The U.S. is experiencing painful civil unrest across the country in the aftermath of the Memorial Day death of George Floyd while in Minneapolis police custody as well as the recent deaths of Ahmaud Arbery in Georgia and Breonna Taylor in Kentucky. Yet the stock market hasn’t reacted.
All three major U.S. stock indexes finished higher Monday, leaving the
down about 5% for the year, while the
Dow Jones Industrial Average
wasstill down double digits for the year. Big-tech shares, such as
(ticker: AAPL) and
(MSFT), have performed better than average, pushing the
up almost 7%, excluding dividends, so far in 2020.
That lack of reaction isn’t surprising in one regard: Wall Street filters most news through the lens of share prices. It’s a voting machine on the future of corporate profits.
Still, investors are constantly on the lookout for economic risks. They don’t always come from conventional sources such as earnings announcements. Few pundits correctly called how Covid-19 infections would derail the global economy this year.
The first thing Wall Street does when something new and unexpected happens is look to history for precedents. In this instance, that exercise sends analysts back to painful periods including President John F. Kennedy’s 1963 assassination, the 1965 civil rights march in Selma, Ala., the large 1967 Vietnam War protests in Washington, D.C., the 1968 assassination of Dr. King and the 1992 L.A. riots which broke out in the aftermath of the acquittal of several police officers put on trial for beating Rodney King.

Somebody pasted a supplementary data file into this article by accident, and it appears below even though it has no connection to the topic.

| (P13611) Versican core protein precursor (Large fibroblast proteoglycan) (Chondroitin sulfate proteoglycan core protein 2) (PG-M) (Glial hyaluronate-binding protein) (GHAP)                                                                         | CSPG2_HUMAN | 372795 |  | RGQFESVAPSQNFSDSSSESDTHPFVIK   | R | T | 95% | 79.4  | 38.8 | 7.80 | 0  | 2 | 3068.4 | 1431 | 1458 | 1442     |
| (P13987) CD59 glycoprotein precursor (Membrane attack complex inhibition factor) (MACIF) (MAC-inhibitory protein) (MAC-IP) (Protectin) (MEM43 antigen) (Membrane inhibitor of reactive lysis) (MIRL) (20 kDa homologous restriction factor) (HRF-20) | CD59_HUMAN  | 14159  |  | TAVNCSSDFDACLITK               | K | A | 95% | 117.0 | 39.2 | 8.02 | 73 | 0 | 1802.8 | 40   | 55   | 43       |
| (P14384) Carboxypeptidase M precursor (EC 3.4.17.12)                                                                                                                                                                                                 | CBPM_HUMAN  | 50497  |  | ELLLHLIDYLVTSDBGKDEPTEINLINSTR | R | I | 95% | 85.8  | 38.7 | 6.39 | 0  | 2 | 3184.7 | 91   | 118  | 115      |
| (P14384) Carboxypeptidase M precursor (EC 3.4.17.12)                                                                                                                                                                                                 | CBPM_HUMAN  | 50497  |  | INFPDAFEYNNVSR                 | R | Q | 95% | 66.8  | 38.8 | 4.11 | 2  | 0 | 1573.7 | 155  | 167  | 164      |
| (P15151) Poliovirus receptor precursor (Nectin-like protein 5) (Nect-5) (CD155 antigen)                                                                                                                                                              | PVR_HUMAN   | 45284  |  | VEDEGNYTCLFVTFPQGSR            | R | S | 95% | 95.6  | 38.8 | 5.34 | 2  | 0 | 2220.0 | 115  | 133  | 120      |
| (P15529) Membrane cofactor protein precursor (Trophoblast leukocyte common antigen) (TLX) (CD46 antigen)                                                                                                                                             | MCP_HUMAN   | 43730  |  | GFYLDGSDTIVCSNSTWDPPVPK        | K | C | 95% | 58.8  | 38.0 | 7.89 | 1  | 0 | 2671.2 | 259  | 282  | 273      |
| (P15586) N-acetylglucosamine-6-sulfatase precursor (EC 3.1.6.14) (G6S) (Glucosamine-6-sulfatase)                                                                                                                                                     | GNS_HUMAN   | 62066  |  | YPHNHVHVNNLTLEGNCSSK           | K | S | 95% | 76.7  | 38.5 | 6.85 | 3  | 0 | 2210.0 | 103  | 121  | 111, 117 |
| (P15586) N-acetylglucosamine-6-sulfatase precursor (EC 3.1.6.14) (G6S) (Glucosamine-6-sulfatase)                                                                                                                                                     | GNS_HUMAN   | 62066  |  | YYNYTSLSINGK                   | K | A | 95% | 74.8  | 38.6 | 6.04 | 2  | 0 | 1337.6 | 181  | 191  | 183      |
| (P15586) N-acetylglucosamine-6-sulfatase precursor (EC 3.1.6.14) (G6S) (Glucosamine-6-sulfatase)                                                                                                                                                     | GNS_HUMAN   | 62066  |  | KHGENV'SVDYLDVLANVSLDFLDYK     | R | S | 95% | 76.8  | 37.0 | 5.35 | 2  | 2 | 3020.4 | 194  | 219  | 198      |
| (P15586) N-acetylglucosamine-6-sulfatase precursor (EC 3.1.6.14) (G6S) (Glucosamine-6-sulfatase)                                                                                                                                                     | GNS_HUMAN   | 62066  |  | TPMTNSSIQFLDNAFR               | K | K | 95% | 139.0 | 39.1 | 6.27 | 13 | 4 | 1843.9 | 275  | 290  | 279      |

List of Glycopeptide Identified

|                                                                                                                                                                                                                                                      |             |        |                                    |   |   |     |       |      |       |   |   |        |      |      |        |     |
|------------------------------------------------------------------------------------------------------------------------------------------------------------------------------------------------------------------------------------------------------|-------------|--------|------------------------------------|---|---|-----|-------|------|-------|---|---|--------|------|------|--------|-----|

What does the reaction to these events show? Historically, the market looks past most civil unrest. Stocks aren’t significantly more volatile in the months following any of the events listed. What’s more, the S&P rose in each year under study. Annual gains, excluding dividends, ranged from about 4% to 20%.
The market, to this point in history, could be forgiven for not reacting to headlines about civil unrest, a point made by a few Wall Street strategists in Monday research reports. Nicholas Colas, co-founder of DataTrek Research, for instance, also noted in a report the 2011 Occupy Wall Street movement didn’t impact stocks all that much either.
The walk through history shows, in one respect, the overall resilience of the market. That resilience has been sorely tested in 2020 with the Covid-19 pandemic combined with new civil unrest. That makes this year different from other historical episodes, but with the Dow, Nasdaq, and the…
Read More: How Does the Stock Market React to Protests?